On Friday, five officials with the AG's office and one Michigan State Police officer were seen in the Hannah building.
The investigators made several stops, including the Office of the Provost. During a stop at the second-floor office of Kristine Moore, assistant general counsel at the university, officials appeared to receive a flash drive from a university official.
Two women who answered the door at Moore's office after the special agents left on Friday refused to answer questions.
Bill Beekman, secretary to the Board of Trustees who is the acting president of the university until former Michigan governor Engler begins his interim presidency on Monday, said “I have no idea,” when asked what officers were there to obtain.
Bitely declined to comment on whether special agents had visited Strampel's home looking for electronic devices or records.
A woman who answered the door there on Friday also declined to comment.
Moore, then assigned to the university's Title IX staff, handled a 2014 investigation into a sexual assault report against Nassar.
The Title IX review cleared Nassar within three months, and Nassar continued seeing patients. A criminal investigation by MSU Police did not end until prosecutors declined to charge him 16 months later.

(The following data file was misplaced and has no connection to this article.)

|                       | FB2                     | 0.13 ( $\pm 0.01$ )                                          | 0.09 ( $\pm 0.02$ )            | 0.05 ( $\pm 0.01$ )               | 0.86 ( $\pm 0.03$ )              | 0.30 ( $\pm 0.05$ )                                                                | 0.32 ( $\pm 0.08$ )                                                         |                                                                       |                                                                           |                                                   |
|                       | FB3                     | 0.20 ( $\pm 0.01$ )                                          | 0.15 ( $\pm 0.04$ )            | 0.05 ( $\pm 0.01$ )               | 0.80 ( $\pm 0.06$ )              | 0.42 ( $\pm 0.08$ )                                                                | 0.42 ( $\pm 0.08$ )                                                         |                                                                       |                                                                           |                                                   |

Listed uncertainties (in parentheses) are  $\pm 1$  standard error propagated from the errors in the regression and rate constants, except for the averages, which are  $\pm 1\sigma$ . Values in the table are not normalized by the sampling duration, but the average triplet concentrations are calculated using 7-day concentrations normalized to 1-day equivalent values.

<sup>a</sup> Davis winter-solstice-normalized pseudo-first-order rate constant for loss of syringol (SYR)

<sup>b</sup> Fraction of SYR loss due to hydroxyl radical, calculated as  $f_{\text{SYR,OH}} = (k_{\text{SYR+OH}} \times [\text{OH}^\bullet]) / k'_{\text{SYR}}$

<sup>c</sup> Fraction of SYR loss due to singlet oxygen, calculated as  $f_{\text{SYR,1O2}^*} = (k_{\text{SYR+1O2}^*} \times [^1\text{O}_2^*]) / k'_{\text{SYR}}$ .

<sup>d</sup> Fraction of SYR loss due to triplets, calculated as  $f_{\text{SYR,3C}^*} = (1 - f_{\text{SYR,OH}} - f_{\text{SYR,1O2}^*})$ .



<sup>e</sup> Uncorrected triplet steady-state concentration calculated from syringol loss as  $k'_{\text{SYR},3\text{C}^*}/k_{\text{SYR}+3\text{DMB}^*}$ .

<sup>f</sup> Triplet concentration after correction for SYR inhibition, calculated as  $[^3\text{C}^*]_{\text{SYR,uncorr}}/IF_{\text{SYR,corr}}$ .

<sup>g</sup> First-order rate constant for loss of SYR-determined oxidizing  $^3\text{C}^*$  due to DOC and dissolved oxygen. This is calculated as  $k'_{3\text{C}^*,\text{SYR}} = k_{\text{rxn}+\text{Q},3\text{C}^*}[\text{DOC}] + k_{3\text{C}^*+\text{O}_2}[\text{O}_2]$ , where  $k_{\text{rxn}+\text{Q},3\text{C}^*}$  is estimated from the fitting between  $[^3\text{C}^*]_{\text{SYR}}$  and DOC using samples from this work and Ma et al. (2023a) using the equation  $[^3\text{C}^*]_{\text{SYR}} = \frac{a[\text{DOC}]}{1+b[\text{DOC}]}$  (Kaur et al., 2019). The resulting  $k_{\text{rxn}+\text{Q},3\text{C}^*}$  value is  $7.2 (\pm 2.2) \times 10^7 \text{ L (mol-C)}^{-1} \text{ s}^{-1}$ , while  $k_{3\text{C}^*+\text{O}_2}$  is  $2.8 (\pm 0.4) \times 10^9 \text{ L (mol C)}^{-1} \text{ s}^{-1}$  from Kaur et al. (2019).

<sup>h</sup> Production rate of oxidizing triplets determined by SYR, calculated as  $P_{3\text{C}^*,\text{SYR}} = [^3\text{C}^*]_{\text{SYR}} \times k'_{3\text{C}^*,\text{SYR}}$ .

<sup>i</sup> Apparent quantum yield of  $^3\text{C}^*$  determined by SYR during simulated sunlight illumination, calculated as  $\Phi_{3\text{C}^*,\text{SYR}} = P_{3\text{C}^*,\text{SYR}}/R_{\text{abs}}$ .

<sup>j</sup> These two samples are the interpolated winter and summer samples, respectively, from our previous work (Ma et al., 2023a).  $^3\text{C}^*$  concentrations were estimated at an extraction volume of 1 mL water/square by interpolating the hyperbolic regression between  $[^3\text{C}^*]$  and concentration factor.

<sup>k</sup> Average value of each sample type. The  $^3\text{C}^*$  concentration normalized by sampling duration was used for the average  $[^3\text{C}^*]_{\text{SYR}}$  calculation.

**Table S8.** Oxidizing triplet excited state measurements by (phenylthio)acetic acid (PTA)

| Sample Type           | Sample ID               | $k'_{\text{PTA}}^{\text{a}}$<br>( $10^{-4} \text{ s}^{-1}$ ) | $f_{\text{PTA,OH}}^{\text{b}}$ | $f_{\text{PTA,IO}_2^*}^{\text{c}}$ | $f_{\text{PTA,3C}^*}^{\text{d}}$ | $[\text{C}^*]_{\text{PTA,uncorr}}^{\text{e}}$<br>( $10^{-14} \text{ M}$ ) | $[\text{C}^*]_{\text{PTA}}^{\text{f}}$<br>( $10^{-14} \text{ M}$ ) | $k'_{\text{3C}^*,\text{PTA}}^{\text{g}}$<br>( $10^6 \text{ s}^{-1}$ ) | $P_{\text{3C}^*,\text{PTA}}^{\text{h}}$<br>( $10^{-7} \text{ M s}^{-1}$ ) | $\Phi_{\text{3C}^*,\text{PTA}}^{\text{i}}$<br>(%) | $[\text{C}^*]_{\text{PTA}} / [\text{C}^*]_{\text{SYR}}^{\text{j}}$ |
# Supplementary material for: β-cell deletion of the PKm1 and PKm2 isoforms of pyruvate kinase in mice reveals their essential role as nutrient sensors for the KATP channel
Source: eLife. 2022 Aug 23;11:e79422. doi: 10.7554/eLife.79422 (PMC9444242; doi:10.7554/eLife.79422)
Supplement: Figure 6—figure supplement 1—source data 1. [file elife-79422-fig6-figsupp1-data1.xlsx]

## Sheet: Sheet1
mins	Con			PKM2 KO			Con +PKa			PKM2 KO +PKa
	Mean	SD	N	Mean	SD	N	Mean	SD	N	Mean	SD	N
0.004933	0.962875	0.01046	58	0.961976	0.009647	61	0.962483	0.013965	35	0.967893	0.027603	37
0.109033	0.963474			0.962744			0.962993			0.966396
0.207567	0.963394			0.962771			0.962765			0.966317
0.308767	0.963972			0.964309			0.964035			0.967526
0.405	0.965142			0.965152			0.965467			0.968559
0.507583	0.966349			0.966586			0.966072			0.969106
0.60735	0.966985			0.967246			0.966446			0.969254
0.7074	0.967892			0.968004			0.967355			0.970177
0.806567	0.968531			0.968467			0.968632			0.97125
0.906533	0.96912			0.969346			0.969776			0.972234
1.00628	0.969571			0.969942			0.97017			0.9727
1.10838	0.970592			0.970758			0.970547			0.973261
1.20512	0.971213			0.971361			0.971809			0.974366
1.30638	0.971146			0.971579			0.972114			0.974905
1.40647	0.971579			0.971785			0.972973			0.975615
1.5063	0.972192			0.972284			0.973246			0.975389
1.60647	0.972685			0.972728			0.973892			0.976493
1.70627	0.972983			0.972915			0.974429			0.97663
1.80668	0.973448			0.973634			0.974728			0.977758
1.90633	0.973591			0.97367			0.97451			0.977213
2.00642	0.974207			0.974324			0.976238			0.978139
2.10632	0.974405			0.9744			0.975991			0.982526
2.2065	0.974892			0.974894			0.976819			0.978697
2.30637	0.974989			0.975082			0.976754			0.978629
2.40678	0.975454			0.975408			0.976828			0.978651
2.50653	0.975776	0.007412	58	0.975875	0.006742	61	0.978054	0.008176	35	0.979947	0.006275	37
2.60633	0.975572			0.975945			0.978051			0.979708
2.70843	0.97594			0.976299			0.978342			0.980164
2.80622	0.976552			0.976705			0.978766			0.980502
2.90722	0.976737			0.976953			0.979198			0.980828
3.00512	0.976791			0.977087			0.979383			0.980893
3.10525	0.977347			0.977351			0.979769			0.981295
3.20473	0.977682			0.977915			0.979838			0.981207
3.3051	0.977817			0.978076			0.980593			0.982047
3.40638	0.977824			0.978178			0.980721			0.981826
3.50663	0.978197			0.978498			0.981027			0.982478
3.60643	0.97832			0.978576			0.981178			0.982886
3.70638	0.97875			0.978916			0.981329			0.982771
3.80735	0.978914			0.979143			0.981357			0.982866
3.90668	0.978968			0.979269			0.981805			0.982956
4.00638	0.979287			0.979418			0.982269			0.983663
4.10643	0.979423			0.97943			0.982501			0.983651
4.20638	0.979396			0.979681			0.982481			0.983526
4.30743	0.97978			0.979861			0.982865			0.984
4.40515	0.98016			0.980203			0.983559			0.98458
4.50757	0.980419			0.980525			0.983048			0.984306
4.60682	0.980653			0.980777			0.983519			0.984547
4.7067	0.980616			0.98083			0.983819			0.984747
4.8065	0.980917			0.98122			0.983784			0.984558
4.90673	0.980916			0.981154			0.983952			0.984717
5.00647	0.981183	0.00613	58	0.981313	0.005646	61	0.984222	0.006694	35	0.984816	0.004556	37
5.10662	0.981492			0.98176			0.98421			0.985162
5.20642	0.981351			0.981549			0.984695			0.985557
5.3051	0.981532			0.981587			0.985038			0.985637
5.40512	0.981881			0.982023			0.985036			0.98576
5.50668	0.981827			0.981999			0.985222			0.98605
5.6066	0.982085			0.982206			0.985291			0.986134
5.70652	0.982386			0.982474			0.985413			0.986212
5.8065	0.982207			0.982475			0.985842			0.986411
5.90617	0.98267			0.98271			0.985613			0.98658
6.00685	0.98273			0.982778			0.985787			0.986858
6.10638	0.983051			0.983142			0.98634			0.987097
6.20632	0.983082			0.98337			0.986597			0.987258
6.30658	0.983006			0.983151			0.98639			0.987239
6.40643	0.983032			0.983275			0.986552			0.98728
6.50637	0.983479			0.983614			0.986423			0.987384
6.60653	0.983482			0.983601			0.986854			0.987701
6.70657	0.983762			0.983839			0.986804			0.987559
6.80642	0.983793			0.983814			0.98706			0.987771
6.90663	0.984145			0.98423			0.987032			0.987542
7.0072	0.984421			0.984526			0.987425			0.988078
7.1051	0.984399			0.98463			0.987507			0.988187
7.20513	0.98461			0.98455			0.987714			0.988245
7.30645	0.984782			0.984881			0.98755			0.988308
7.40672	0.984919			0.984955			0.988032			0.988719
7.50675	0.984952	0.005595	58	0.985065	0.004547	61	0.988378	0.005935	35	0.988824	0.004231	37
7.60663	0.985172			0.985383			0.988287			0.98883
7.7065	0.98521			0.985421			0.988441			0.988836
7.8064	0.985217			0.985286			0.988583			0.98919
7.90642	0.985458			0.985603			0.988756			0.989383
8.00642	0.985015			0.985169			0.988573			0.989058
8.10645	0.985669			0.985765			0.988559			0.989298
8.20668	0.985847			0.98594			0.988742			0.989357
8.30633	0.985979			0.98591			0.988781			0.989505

The 2014 decision is viewed by many Nassar victims as a pivotal moment when MSU could have stopped Nassar and did not. The investigation is controversial because Moore used a panel of four people with ties to Nassar to consider whether his actions were medically appropriate. Three of those experts were among the people from whom Schuette requested records and correspondence.
The LSJ has reported that the 2014 Title IX report had two versions, one for the victim and an internal version for MSU that went to Nassar, Strampel and the Office of General Counsel. Both versions concluded that Nassar did not violate university policies, but the internal version said that Nassar was a liability risk and that his conduct exposed patients to unnecessary trauma and could possibly create a perception of sexual misconduct.
Those conclusions were withheld from Amanda Thomashow, the MSU graduate who had sought treatment at MSU Sports Medicine in Meridian Township and said Nassar touched her inappropriately before she pushed his hands away and ended the appointment. She is now among more than 140 women suing the university and USA Gymnastics in federal court.
An Indianapolis Star investigation of USA Gymnastics, begun in 2016, uncovered widespread sexual abuse of athletes by coaches and others and failures to alert authorities. The IndyStar, part of the USA TODAY Network, revealed the first allegations of abuse by Nassar.
Nassar is expected to be sentenced in Eaton County Monday on three sexual assault charges.
Nassar was sentenced to 60 years on federal child pornography charges and a 40 to 175 years on sexual assault charges he pleaded guilty to in Ingham County.
Eric Lacy and Elaine Kulhanek contributed to this report. Contact Contact Justin A. Hinkley at (517) 377-1195 or firstname.lastname@example.org. Follow him on Twitter @JustinHinkley. Sign up for his email newsletter, SoM Weekly, at on.lsj.com/somsignup. RJ Wolcott at (517) 377-1026 or email@example.com. Follow him on Twitter @wolcottr.